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THE GENERAL EPISTLE OF JAMES - Chapter 4 - Verse 14

Verse 14. Whereas, ye know not what shall be on the morrow. They formed their plans as if they knew; the apostle says it could not be known. They had no means of ascertaining what would occur; whether they would live or die; whether they would be prospered, or would be overwhelmed with adversity. Of the truth of the remark made by the apostle here, no one can doubt; but it is amazing how men act as if it were false. We have no power of penetrating the future so as to be able to determine what will occur in a single day or a single hour, and yet we are almost habitually forming our plans as if we saw with certainty all that is to happen. The classic writings abound with beautiful expressions respecting the uncertainty of the future, and the folly of forming our plans as if it were known to us. Many of those passages, some of them almost precisely in the words of James, may be seen in Grotius and Pricseus, in loc. Such passages occur in Anacreon, Euripides, Menander, Seneca, Horace, and others, suggesting an obvious but much-neglected thought, that the future is to us all unknown. Man cannot penetrate it; and his plans of life should be formed in view of the possibility that his life may be cut off and all his plans fail, and consequently in constant preparation for a higher world.

For what is your life? All your plans must depend of course on the continuance of your life; but what a frail and uncertain thing is that! How transitory and evanescent as a basis on which to build any plans for the future! Who can calculate on the permanence of a vapour? Who can build any solid hopes on a mist?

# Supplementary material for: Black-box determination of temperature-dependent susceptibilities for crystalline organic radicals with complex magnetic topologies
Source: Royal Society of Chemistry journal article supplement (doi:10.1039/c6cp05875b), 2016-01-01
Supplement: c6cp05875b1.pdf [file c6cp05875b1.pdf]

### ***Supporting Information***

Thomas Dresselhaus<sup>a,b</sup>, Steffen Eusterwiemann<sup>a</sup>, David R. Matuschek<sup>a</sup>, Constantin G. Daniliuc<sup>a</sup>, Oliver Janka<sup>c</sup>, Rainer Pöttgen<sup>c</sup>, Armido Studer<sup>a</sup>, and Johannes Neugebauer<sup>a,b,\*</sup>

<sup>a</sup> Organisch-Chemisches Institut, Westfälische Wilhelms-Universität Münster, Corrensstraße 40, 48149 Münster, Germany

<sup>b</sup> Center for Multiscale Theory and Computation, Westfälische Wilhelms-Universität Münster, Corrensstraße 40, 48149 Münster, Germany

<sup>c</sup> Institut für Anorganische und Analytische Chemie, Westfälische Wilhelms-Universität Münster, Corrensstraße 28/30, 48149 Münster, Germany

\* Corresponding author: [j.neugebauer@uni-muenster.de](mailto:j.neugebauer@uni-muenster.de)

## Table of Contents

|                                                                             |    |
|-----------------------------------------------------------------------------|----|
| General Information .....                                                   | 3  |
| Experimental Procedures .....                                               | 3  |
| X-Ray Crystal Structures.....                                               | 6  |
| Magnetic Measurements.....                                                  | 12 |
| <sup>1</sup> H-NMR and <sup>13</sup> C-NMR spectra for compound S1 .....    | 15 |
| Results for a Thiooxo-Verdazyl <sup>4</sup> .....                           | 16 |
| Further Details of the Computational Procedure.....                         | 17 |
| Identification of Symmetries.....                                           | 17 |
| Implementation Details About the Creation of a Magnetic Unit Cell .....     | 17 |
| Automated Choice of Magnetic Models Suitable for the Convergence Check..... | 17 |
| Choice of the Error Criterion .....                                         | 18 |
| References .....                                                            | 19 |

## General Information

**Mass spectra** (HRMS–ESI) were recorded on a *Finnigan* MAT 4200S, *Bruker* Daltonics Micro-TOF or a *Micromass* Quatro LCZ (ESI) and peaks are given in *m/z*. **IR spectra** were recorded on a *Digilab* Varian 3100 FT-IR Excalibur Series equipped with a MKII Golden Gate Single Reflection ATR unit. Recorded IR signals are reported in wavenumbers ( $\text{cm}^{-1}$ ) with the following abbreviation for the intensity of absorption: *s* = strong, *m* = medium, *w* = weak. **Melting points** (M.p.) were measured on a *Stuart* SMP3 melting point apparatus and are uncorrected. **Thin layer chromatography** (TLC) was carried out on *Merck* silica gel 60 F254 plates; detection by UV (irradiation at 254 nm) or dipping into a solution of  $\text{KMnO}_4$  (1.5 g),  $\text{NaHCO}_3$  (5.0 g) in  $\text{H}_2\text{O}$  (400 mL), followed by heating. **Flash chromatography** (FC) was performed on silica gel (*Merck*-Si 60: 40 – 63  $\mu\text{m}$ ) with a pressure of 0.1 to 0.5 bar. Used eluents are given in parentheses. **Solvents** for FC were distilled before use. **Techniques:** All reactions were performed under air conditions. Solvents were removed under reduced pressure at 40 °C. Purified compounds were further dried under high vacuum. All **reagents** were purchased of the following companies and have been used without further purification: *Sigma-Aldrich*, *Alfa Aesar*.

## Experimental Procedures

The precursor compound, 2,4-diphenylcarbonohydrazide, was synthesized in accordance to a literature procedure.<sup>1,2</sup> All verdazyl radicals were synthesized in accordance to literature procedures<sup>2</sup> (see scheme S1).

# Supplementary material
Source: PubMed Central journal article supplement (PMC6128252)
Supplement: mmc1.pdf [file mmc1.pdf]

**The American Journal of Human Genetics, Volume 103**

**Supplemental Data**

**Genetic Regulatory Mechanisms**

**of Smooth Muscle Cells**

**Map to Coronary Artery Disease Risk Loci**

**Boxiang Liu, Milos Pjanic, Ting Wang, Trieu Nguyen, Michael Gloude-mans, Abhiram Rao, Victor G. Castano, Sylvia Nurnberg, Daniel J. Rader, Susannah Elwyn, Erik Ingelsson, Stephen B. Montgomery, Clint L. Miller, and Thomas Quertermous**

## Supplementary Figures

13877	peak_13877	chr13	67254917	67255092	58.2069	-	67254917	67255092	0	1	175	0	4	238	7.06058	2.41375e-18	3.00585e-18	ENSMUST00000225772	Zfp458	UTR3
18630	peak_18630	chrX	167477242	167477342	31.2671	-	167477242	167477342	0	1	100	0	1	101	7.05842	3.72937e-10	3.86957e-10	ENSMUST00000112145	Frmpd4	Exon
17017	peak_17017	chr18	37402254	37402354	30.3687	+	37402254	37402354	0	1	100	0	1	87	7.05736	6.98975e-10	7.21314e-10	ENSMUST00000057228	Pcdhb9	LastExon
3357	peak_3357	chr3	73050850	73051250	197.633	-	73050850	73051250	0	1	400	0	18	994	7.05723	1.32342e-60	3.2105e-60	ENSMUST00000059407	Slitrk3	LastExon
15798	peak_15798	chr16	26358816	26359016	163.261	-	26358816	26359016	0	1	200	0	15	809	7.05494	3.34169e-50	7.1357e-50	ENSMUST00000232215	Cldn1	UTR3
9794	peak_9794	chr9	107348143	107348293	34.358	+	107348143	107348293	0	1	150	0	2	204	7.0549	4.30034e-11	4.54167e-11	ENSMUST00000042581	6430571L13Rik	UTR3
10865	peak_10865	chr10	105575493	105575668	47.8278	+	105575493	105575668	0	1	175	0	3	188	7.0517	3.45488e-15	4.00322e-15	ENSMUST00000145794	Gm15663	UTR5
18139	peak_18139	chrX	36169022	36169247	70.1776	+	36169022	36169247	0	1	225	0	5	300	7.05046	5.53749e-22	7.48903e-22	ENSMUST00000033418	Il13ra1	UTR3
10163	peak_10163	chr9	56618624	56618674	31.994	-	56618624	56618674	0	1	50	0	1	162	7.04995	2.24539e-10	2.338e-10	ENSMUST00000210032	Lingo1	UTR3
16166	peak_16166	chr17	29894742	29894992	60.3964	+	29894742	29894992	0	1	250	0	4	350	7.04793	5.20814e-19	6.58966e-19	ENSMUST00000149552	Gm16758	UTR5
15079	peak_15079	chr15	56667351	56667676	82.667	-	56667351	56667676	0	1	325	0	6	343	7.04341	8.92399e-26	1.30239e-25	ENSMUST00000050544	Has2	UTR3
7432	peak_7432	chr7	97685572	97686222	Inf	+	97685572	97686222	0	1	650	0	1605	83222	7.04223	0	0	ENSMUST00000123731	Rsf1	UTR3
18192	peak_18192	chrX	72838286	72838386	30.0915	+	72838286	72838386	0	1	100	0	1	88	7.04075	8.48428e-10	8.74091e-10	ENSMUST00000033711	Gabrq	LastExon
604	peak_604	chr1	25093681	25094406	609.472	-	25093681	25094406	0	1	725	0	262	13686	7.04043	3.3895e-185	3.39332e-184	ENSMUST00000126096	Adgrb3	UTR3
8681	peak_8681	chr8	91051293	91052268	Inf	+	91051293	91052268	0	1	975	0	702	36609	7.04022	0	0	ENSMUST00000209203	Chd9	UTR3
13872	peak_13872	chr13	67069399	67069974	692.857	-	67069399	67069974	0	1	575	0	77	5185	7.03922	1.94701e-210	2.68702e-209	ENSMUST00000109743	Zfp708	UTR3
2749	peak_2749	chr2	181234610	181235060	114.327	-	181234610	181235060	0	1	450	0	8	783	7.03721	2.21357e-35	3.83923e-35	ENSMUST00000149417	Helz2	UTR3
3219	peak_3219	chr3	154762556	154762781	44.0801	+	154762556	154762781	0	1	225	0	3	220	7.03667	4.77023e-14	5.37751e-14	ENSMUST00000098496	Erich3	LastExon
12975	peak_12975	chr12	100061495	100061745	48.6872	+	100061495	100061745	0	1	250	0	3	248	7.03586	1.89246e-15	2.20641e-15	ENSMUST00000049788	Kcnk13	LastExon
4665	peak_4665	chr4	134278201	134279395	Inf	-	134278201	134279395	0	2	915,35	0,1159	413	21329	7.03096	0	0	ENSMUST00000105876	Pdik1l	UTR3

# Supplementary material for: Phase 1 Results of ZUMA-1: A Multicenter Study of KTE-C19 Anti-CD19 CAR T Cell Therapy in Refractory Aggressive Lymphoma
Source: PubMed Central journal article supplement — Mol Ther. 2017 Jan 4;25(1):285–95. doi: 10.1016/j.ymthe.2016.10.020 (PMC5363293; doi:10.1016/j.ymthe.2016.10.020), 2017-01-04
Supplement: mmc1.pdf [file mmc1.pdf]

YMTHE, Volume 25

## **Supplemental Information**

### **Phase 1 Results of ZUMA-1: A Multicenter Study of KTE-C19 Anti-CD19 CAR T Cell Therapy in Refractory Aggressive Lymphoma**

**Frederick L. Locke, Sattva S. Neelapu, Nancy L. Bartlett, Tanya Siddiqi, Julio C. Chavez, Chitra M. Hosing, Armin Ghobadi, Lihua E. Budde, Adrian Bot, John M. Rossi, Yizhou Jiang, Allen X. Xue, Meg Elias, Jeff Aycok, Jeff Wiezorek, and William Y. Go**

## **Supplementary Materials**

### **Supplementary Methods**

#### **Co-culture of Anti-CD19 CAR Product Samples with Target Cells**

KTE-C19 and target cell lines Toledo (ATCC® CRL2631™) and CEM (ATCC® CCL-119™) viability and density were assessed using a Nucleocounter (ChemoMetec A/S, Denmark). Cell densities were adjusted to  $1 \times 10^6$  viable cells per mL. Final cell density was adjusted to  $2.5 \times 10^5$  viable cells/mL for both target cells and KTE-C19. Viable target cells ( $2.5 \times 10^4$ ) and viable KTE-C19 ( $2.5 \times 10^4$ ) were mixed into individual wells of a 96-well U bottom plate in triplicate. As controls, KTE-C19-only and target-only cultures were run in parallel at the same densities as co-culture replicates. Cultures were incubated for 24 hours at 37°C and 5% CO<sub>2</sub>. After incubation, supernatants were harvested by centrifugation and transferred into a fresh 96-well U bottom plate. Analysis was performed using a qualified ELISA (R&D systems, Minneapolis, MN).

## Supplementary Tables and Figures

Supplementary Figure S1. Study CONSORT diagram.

It is even a vapour. Marg., For it is. The margin is the more correct rendering. The previous question had turned the attention to life as something peculiarly frail, and as of such a nature that no calculation could be based on its permanence. This expression gives a reason for that, to wit, that it is a mere vapour. The word vapour, (atmiv,) means a mist, an exhalation, a smoke; such a vapour as we see ascending from a stream, or as lies on the mountain side in the morning, or as floats for a little time in the air, but which is dissipated by the rising sun, leaving not a trace behind. The comparison of life with a vapour is common, and is as beautiful as it is just. Job says,

remember that my life is wind;

Mine eye shall no more see good.

Job 7:7.

 

So the Psalmist,

 

For he remembered that they were but flesh.

A wind that passeth away and that cometh not again.

Ps 78:39.

 

Compare 1 Ch 29:15; Job 14:10-11.

And then vanisheth away. Wholly disappears. Like the dissipated vapour, it is entirely gone. There is no remnant, no outline, nothing that reminds us that it ever was. So of life. Soon it disappears altogether. The works of art that man has made, the house that he has built, or the book that he has written, remain for a little time, but the life has gone. There is nothing of it remaining—any more than there is of the vapour which in the morning climbed silently up the mountain side. The animating principle has vanished for ever. On such a frail and evanescent thing, who can build any substantial hopes?

{+} "It is even" or, "For it is" {a} "a vapour, that appeareth for a little time" Job 7:7

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